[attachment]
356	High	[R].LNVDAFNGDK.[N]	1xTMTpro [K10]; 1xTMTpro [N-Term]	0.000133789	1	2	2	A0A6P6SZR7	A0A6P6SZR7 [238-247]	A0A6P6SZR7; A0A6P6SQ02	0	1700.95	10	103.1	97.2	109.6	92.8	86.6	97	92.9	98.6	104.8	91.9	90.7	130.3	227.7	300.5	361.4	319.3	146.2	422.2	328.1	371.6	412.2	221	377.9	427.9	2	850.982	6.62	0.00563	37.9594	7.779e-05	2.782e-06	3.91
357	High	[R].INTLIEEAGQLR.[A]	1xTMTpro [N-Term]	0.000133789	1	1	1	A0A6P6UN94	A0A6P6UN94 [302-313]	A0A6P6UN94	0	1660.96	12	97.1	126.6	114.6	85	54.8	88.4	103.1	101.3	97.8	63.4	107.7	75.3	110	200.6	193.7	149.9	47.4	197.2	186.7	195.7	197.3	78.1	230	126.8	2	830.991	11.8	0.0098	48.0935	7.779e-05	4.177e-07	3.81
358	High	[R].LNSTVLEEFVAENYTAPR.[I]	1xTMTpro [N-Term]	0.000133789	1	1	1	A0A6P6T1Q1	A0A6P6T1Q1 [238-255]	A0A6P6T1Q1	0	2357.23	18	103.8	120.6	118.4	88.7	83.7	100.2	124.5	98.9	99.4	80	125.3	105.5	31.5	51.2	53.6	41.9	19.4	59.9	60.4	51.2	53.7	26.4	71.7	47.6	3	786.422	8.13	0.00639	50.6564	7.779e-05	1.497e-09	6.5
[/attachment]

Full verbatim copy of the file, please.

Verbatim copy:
356	High	[R].LNVDAFNGDK.[N]	1xTMTpro [K10]; 1xTMTpro [N-Term]	0.000133789	1	2	2	A0A6P6SZR7	A0A6P6SZR7 [238-247]	A0A6P6SZR7; A0A6P6SQ02	0	1700.95	10	103.1	97.2	109.6	92.8	86.6	97	92.9	98.6	104.8	91.9	90.7	130.3	227.7	300.5	361.4	319.3	146.2	422.2	328.1	371.6	412.2	221	377.9	427.9	2	850.982	6.62	0.00563	37.9594	7.779e-05	2.782e-06	3.91
357	High	[R].INTLIEEAGQLR.[A]	1xTMTpro [N-Term]	0.000133789	1	1	1	A0A6P6UN94	A0A6P6UN94 [302-313]	A0A6P6UN94	0	1660.96	12	97.1	126.6	114.6	85	54.8	88.4	103.1	101.3	97.8	63.4	107.7	75.3	110	200.6	193.7	149.9	47.4	197.2	186.7	195.7	197.3	78.1	230	126.8	2	830.991	11.8	0.0098	48.0935	7.779e-05	4.177e-07	3.81
358	High	[R].LNSTVLEEFVAENYTAPR.[I]	1xTMTpro [N-Term]	0.000133789	1	1	1	A0A6P6T1Q1	A0A6P6T1Q1 [238-255]	A0A6P6T1Q1	0	2357.23	18	103.8	120.6	118.4	88.7	83.7	100.2	124.5	98.9	99.4	80	125.3	105.5	31.5	51.2	53.6	41.9	19.4	59.9	60.4	51.2	53.7	26.4	71.7	47.6	3	786.422	8.13	0.00639	50.6564	7.779e-05	1.497e-09	6.5